The photo at right is real.
My first thought, though, was, “There’s no way that’s real.” After all, I remember stuff like this faked photo of the infamous 9/11 tourist.
But it’s real. For posterity’s sake, and perhaps as a simple commentary on the state of news consumption habits, here’s how I absorbed this incredible story:
- I saw a Twitter message from someone who was “retweeting” (a.k.a. forwarding, resending, sharing) this original message from an eye-witness.
- I looked at the photo, and immediately doubted its veracity.
- At second thought, it looks more real than most retouched or faked photos. I head to Google News and search for U.S. Airways.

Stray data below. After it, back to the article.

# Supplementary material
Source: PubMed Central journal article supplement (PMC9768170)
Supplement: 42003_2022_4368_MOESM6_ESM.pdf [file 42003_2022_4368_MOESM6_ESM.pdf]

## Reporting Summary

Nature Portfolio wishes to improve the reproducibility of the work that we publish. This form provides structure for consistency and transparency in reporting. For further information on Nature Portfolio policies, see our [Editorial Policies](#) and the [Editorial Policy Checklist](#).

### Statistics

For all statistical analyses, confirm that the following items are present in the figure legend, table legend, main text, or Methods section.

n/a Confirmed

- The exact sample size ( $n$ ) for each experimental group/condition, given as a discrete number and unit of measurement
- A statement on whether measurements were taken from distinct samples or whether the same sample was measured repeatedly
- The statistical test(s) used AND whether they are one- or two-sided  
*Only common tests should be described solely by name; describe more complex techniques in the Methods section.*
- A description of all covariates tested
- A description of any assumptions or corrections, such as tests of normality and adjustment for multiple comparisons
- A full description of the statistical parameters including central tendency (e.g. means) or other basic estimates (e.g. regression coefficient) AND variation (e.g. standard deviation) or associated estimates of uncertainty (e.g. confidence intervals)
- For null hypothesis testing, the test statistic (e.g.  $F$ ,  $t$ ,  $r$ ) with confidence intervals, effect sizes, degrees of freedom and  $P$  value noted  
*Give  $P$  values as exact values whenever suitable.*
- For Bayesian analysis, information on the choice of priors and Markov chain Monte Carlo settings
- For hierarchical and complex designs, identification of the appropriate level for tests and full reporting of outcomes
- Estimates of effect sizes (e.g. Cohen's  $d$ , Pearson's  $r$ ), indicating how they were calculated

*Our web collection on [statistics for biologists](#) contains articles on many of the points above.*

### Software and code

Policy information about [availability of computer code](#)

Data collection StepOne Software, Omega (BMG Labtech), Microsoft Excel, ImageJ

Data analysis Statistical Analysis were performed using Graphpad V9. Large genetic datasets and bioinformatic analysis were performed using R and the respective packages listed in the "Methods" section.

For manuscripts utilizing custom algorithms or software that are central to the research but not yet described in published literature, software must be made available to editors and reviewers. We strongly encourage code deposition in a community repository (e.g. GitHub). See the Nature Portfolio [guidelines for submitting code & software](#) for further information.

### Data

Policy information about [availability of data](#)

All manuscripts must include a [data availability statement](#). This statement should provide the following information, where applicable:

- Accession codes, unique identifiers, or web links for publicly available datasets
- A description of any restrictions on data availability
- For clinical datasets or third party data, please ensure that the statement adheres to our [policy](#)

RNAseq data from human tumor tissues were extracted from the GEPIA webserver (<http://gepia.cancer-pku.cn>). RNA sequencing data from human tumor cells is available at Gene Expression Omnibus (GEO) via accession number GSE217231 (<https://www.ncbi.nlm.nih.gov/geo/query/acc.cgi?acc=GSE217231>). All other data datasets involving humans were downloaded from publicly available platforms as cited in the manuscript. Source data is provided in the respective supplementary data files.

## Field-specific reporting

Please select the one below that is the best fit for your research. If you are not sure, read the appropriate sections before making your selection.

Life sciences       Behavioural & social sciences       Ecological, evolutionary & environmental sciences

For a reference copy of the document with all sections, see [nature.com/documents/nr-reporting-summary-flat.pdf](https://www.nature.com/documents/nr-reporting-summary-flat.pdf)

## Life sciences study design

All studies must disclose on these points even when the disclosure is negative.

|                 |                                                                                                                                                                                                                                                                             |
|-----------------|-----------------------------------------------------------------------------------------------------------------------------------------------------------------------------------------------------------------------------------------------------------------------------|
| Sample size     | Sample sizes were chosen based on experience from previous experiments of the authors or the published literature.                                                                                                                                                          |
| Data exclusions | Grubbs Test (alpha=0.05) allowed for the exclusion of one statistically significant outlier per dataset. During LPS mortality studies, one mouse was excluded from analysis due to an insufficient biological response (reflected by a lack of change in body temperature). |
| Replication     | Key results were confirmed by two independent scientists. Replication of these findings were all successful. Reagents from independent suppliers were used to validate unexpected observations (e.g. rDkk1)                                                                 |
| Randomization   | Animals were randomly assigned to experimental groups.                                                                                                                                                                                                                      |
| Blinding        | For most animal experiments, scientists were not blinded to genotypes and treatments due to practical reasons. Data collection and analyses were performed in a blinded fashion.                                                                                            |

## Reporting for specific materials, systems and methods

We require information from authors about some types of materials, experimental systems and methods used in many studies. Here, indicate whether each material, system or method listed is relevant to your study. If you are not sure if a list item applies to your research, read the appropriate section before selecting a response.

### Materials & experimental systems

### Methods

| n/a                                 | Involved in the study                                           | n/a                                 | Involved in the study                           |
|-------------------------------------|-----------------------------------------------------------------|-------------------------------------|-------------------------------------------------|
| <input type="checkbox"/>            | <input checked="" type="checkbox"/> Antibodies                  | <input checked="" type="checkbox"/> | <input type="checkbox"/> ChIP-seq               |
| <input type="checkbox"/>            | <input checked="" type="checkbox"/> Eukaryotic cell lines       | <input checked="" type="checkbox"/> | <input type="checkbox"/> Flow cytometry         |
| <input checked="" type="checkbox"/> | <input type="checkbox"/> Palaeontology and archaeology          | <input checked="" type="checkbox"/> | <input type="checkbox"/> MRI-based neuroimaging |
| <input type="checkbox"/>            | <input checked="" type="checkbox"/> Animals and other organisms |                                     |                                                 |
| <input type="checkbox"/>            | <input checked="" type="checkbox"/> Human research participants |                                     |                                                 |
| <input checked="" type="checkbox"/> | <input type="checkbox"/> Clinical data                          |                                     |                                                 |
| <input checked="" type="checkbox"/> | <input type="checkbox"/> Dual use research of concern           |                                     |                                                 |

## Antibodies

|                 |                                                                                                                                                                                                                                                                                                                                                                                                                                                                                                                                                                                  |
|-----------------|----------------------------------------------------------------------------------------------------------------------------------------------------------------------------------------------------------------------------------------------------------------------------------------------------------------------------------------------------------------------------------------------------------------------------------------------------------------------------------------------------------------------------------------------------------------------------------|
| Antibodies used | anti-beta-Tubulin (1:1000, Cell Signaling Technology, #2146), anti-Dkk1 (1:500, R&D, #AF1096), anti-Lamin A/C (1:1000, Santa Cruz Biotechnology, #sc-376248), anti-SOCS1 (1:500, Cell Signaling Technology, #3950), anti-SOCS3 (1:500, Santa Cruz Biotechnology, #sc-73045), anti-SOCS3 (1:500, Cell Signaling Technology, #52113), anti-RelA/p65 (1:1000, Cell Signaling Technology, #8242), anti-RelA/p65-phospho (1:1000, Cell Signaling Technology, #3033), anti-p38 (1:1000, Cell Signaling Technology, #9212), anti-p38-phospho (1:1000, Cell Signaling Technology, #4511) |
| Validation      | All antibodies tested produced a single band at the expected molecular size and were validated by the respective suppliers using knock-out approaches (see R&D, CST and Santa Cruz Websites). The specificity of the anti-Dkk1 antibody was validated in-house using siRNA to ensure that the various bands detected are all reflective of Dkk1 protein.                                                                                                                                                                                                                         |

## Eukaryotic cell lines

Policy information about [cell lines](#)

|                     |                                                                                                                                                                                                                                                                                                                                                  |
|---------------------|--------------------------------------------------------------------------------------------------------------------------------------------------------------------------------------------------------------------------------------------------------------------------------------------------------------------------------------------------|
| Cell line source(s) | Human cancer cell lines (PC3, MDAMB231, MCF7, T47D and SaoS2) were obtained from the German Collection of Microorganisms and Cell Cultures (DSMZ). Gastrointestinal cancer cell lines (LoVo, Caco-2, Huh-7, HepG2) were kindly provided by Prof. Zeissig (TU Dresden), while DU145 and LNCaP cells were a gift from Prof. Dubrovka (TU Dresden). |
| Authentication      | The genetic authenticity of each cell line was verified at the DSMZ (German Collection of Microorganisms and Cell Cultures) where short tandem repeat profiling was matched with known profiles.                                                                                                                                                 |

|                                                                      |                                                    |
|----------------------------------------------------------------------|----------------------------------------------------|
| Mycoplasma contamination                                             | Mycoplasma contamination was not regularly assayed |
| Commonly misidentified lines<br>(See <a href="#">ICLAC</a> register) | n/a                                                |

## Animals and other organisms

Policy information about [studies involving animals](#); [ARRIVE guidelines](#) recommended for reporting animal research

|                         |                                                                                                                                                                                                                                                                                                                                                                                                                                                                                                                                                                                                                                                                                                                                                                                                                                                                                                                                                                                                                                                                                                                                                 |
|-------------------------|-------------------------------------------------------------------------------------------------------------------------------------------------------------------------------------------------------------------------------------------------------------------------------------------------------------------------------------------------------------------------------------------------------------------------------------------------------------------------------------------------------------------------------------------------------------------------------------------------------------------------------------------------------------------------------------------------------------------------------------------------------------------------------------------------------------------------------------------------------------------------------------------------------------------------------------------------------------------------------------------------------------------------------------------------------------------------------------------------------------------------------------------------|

- I found this story (which will likely be updated by the time you read this) from the Associated Press, confirming what the photo told me.
- I read two other short, in-the-works stories on the Web.
- Then I flip on MSBNC, which stays on in the background to elaborate on the story I’ve already learned about elsewhere.
- About half an hour later, MSNBC was about as interesting as my college statistics class, I suppose through no fault of their own. The story had been told.
So what does it all mean? I don’t know. I guess, for starters, if you’re not on Twitter, it might take a few extra minutes for you to learn about breaking news. And breaking news stories get boring quickly once the TV station gets a couple of eye witnesses and the token aviation expert on the air.
Photo courtesy of jkrums on TwitPic/Twitter